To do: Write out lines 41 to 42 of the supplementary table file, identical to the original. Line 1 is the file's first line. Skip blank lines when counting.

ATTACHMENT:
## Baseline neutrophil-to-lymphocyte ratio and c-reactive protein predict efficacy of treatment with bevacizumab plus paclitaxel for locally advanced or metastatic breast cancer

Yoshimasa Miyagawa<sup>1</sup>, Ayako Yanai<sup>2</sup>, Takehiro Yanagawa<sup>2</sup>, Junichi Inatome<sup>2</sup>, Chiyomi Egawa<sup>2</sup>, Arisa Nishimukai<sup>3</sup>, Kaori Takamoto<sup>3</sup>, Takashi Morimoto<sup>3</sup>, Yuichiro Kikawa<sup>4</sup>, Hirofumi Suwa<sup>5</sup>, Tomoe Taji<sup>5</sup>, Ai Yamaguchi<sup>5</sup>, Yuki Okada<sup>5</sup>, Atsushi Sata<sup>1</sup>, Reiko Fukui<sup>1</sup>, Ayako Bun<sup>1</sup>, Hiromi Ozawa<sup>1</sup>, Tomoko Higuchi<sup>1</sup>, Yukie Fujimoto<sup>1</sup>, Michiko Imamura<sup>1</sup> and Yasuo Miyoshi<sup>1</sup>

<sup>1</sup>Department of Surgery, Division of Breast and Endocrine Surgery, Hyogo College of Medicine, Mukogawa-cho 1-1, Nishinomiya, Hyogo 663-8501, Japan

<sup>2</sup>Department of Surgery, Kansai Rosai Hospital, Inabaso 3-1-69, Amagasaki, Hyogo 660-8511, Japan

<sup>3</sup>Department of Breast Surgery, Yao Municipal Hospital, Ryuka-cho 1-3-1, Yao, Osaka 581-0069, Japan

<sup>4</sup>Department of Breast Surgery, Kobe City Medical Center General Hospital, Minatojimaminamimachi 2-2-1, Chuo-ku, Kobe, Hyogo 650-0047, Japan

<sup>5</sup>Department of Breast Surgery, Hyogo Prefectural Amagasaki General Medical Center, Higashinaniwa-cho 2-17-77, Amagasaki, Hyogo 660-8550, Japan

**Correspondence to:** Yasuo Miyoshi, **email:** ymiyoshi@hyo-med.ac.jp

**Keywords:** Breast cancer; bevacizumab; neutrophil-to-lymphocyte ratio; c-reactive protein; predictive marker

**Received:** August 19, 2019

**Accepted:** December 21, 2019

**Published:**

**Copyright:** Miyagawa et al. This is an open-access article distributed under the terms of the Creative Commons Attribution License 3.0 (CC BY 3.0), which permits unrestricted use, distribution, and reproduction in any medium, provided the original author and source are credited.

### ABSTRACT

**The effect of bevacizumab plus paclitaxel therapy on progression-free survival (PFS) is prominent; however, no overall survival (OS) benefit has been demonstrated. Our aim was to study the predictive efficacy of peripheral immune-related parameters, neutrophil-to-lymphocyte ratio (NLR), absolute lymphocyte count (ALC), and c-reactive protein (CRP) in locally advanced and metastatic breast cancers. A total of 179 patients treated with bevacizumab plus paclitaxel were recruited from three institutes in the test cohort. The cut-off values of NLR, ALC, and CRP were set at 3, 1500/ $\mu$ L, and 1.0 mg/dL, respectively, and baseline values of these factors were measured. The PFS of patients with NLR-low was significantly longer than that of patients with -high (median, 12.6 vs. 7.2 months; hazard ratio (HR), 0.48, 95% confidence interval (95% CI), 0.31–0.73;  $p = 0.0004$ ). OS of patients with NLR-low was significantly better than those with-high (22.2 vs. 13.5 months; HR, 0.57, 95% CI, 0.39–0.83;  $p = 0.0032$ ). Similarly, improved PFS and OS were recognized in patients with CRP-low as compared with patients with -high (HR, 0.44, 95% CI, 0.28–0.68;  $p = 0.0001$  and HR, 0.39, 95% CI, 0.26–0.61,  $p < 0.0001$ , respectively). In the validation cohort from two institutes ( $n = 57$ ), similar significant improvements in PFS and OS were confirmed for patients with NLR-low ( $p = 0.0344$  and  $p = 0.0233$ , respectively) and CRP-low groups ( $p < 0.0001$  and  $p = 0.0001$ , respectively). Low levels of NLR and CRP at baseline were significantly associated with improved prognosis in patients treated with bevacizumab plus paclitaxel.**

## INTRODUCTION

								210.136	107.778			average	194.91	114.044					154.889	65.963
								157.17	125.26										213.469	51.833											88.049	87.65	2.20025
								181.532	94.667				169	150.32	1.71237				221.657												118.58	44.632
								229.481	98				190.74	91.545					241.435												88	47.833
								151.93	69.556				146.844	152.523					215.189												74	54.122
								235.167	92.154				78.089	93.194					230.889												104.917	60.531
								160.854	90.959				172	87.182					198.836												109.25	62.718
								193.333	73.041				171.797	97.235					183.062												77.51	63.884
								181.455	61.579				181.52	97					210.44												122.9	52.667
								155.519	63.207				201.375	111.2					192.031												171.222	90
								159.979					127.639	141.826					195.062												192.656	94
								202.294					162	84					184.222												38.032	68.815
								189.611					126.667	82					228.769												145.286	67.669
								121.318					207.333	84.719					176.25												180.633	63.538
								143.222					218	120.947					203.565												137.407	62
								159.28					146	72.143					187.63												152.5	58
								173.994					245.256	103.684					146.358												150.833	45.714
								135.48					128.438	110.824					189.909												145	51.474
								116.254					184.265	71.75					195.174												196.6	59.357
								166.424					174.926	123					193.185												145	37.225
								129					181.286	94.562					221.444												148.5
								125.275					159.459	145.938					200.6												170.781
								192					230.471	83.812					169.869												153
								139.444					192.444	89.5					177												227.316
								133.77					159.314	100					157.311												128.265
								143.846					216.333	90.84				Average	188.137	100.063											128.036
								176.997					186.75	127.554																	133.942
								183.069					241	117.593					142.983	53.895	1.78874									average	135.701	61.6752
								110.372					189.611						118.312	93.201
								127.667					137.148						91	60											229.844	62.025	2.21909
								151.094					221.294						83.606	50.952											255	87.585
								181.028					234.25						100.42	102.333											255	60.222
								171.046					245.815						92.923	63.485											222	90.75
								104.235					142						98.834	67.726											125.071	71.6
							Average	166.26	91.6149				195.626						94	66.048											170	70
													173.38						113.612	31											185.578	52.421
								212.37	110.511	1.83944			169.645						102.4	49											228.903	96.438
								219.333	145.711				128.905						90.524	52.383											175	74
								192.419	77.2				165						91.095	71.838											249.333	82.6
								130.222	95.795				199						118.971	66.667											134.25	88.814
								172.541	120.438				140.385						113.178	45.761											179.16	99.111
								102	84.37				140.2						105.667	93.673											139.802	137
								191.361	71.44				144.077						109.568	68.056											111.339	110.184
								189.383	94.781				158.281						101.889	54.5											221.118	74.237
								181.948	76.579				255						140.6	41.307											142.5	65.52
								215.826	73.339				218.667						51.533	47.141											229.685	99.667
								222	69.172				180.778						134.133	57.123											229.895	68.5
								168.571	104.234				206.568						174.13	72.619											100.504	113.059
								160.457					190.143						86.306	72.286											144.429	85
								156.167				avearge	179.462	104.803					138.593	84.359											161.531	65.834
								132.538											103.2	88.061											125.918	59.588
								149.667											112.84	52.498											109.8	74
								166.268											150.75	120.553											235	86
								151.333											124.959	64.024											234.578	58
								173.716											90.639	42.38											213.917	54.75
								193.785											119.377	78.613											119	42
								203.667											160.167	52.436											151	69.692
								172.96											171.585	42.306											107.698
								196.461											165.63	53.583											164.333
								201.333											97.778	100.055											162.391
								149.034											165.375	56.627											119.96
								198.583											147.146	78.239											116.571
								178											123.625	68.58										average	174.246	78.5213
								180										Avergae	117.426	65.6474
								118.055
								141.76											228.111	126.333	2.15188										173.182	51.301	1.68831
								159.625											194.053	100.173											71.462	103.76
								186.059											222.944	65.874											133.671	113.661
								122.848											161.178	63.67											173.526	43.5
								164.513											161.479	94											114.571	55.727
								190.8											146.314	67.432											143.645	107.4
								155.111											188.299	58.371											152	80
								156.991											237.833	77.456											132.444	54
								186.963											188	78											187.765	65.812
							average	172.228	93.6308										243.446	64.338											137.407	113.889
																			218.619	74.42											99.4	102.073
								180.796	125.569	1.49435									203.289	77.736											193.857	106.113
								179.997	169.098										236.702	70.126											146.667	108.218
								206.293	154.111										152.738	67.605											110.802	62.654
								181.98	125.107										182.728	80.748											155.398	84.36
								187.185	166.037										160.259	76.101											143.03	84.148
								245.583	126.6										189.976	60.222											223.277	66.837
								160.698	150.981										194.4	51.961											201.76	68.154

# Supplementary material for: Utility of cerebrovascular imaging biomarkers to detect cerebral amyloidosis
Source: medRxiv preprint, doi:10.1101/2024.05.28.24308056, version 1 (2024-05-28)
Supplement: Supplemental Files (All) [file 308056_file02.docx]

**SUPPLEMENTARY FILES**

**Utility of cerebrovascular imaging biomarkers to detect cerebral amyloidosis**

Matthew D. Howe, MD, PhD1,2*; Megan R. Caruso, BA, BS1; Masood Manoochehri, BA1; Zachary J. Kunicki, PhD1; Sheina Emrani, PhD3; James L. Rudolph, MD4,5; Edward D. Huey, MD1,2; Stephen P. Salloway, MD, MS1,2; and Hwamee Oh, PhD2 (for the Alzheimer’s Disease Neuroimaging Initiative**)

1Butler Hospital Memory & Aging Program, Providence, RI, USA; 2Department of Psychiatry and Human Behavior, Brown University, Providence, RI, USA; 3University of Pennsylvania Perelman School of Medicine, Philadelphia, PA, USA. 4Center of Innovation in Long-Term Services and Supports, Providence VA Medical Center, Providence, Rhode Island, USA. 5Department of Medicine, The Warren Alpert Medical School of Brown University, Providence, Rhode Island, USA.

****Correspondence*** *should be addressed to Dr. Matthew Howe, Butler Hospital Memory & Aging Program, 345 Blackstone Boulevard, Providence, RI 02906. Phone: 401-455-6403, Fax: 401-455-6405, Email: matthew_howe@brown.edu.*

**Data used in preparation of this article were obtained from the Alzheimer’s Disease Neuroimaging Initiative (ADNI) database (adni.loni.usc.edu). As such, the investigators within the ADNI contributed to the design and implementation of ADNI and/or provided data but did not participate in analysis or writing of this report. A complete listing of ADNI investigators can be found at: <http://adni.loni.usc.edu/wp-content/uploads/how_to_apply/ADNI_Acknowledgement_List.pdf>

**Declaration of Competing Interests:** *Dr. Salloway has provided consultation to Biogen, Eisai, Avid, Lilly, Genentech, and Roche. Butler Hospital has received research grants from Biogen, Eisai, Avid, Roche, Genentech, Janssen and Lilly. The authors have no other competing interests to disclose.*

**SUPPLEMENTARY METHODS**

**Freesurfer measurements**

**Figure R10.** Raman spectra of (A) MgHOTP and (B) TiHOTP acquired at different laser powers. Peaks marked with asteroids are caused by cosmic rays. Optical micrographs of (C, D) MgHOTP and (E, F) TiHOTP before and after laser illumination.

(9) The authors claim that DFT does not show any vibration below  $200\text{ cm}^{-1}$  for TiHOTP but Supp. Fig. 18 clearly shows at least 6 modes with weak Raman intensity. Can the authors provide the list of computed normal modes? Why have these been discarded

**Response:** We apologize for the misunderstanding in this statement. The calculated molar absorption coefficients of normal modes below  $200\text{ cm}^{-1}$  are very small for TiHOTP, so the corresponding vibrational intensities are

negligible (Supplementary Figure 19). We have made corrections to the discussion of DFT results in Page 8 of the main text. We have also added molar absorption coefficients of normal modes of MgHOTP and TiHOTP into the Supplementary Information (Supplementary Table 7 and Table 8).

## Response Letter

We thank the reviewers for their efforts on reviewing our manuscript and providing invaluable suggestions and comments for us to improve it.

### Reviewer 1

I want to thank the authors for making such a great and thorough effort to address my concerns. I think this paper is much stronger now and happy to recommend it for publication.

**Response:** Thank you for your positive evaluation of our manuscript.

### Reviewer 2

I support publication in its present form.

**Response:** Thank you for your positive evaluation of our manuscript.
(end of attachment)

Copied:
								133.77					159.314	100					157.311												128.265
								143.846					216.333	90.84				Average	188.137	100.063											128.036